Agridirect.ie discusses why we need bee gardens, and outlines some quick and easy steps that you can take to support the world’s most effective pollinators.
The threat of extinction
The global bee population has been declining steadily for decades now. Here in Ireland, we have seen a marked decrease in bee numbers since the 1980s. According to experts, the distribution of 42 bee species has declined by more than 50% over the last 40 years. There are numerous possible causes of this dramatic decline, but most scientists blame a combination of habitat destruction, climate change, excessive pesticide use, changes in land use, and loss of biodiversity.
With the level of chemical fertilizer used in the EU at the forefront of politicians’ minds this week, white clover may become a major factor on Irish farms in the very near future. In this week’s second blog entry, Adrian Graham from Dundalk IT tells Agridirect.ie about the benefits of growing white clover.
Reducing chemical nitrogen
Recent news confirmed that as part of the new proposed Common Agricultural Policy (CAP), the limit for chemical nitrogen spread in the EU will be reduced by 10% and the closed period for slurry spreading will be lengthened by bringing the existing closing date (15th of October) back to some point in September. This will put pressure on farmers to keep grass growing, but clover could be the answer. Clover has the ability to ‘fix’ nitrogen from the air using rhizobia bacteria that the plant contains within its roots. This nitrogen is then held in the soil and is made available for the grass plants to utilize. This process leads to a much quicker regrowth of grass.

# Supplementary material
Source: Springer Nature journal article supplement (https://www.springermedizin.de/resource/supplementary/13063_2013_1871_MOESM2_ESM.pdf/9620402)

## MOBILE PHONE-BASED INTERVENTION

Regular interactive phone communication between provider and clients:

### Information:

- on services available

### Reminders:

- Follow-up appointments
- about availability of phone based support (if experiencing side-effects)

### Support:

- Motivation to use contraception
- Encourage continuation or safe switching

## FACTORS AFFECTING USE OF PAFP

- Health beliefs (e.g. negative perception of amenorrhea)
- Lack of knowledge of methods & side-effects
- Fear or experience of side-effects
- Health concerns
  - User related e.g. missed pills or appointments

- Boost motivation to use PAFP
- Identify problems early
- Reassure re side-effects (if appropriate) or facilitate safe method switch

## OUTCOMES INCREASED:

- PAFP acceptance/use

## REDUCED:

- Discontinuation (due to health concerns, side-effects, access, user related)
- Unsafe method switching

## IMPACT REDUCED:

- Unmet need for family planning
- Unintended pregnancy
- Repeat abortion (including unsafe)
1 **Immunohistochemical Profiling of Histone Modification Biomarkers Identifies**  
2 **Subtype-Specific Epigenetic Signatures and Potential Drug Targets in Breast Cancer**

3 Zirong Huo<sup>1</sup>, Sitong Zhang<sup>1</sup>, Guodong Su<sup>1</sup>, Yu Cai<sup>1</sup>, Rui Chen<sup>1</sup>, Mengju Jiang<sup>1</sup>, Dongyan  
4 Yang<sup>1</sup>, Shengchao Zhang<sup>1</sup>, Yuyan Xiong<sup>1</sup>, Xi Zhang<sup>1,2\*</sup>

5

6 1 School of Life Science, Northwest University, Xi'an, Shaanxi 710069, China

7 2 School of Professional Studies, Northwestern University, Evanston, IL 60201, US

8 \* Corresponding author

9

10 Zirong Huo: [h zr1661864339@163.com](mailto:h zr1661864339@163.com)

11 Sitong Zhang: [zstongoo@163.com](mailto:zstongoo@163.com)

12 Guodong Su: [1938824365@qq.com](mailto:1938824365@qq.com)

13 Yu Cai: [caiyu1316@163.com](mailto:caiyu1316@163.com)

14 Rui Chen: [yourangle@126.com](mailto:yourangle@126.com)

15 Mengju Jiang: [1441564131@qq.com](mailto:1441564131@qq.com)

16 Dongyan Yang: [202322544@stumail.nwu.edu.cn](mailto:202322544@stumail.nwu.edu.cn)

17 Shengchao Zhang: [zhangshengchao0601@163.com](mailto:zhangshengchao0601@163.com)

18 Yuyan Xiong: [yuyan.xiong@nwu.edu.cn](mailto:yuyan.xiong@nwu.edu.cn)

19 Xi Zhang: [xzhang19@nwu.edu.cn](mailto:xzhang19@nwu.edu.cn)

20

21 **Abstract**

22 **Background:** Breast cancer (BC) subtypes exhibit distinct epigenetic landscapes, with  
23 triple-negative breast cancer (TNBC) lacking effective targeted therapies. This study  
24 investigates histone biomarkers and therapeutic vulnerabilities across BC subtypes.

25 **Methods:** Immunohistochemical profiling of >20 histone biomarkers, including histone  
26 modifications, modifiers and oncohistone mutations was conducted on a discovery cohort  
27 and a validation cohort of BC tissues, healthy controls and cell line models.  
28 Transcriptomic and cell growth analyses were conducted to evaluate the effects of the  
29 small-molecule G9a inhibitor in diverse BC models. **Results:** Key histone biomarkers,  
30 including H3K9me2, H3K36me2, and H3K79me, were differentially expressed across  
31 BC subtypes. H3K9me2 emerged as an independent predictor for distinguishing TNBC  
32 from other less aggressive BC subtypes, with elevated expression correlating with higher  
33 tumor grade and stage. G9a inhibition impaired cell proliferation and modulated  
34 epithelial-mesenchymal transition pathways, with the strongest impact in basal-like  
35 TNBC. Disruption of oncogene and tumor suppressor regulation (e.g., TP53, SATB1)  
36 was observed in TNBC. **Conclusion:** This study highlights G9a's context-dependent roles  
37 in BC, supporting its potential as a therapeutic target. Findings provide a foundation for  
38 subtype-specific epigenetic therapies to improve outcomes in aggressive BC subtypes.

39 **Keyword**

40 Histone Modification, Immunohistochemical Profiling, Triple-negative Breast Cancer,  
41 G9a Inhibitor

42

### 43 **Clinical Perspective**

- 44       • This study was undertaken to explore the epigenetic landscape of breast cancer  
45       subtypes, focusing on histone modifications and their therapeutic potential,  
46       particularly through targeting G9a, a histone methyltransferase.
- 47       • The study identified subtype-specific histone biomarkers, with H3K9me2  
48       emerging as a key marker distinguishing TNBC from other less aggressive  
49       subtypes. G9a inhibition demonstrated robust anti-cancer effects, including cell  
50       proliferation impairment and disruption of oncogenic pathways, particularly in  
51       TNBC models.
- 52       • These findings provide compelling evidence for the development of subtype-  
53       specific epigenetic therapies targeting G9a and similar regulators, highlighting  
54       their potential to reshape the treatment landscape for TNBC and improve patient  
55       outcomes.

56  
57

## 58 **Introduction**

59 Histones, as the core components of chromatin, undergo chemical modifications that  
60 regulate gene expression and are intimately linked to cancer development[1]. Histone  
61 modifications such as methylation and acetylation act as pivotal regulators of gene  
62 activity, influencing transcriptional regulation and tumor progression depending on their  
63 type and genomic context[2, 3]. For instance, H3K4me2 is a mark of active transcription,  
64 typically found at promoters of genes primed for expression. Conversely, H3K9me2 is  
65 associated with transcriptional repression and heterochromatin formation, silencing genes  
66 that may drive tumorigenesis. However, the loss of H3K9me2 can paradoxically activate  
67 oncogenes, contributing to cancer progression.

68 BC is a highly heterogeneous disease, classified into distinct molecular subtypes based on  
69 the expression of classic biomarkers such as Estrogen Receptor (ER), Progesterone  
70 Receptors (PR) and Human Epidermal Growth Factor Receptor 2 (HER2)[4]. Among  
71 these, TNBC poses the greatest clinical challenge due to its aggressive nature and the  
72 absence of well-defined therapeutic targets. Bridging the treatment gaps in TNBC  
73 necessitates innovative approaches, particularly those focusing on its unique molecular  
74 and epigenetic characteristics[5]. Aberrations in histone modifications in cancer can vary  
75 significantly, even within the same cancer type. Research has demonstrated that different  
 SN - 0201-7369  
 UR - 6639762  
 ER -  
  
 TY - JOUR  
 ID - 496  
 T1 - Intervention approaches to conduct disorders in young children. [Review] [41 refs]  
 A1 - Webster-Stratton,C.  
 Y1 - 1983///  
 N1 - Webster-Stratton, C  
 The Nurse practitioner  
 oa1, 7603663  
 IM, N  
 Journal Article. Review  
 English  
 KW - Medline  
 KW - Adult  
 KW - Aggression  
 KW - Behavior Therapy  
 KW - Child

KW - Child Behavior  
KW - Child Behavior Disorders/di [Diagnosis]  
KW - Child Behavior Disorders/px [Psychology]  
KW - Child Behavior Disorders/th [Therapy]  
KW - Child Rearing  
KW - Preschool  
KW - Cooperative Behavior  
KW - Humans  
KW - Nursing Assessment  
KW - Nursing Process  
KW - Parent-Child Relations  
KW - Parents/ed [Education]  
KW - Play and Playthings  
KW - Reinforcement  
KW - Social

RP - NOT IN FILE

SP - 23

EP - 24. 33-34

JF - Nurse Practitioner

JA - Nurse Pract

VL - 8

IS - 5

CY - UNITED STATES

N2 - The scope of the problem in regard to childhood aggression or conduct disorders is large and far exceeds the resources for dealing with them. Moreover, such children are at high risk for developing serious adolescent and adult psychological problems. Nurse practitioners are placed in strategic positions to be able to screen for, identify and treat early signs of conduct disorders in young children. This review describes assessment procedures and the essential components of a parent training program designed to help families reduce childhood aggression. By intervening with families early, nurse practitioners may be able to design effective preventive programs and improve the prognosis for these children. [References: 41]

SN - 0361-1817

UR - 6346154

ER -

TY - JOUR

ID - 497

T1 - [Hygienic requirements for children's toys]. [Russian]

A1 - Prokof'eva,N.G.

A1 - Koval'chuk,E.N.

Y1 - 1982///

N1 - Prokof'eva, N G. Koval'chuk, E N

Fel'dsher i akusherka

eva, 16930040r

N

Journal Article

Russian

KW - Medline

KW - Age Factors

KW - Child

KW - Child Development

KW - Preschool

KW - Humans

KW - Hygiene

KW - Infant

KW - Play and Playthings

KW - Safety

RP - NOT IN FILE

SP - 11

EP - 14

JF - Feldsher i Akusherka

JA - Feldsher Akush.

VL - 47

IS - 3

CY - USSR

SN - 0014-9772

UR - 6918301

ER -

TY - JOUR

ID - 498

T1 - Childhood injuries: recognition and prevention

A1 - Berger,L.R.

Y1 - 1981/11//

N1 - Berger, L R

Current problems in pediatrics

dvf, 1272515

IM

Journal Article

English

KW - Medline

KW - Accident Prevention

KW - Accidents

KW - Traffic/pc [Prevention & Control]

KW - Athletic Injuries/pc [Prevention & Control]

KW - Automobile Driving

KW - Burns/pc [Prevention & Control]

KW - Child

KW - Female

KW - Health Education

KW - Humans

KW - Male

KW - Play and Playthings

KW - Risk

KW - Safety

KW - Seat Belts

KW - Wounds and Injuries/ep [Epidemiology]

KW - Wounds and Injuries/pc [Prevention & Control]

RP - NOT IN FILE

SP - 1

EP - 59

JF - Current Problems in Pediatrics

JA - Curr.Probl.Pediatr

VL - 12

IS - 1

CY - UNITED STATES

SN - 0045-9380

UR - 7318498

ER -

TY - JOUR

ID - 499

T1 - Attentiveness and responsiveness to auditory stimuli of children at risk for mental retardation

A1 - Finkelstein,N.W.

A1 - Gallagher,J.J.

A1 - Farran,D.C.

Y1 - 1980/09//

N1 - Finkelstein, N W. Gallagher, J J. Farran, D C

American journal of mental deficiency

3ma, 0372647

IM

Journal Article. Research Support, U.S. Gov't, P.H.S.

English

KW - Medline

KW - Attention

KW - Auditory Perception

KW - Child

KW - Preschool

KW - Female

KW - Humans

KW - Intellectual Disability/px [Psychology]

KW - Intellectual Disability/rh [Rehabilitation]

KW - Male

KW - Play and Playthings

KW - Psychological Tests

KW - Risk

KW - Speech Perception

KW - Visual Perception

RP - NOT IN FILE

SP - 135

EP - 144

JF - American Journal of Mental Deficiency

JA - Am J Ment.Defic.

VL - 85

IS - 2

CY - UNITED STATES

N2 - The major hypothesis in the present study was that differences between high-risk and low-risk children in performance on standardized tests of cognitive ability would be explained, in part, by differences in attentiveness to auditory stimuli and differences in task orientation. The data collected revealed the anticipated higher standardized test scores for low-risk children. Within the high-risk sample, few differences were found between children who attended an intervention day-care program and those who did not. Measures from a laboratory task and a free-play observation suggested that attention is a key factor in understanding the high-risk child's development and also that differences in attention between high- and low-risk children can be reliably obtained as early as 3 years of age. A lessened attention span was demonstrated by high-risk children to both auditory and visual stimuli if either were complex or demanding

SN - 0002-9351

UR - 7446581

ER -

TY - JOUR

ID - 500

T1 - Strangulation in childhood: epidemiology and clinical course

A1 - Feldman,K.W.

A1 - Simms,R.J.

Agridirect.ie outlines the primary benefits of promoting white clover on our land.
A member of the bean family, white clover (trifolium repens) is native to Europe and Central Asia. Traditionally, it has thrived in the temperate oceanic climate of Britain and Ireland, providing excellent grazing for the ruminants of these islands. After World War II, however, market forces began to target the three-leaved plant. As petrochemical herbicides developed during the war era hit the shelves, the chemical industry started to depict white clover as an unsightly weed that its products could deal with. Predictably, the global clover population took a serious nosedive.
This week, retired fencing contractor Micheál Geoghegan talked to Agridirect.ie about hanging farm field gates that will last. Micheál has hung hundreds of farm gates over the years. His advice is laid out here in a simple 9-step guide.
Agridirect presents the Agademy Awards, in recognition of our favourite onscreen farmers.
In our interview with author Ryan Dennis last week, he pointed out that farmers and their experiences are underrepresented in fiction. It’s hard to argue against that, and the same seems to hold true for film and television. The Academy Awards took place at the weekend, but there were no depictions of farmers among the winners.
Nonetheless, cinema has given us some memorable farmers over the years. Therefore, we at Agridirect decided it was time to create the Agademy Awards, to acknowledge what we consider to be the best and most entertaining representations of farmers ever to have graced our screens. In today’s blog, we select our 5 nominees, and give you our winner (number 1). Continue reading “The Agademy Awards: our 5 favourite onscreen farmers”
Agridirect discusses the future of Irish farming with author Ryan Dennis.
Ryan Dennis, author of new agricultural novel The Beasts They Turned Away, hails from a farming family in upstate New York. Long before he was a published writer, Ryan learned how to manage a dairy herd. In his own words, “I am the 4th generation in my family to milk cows”.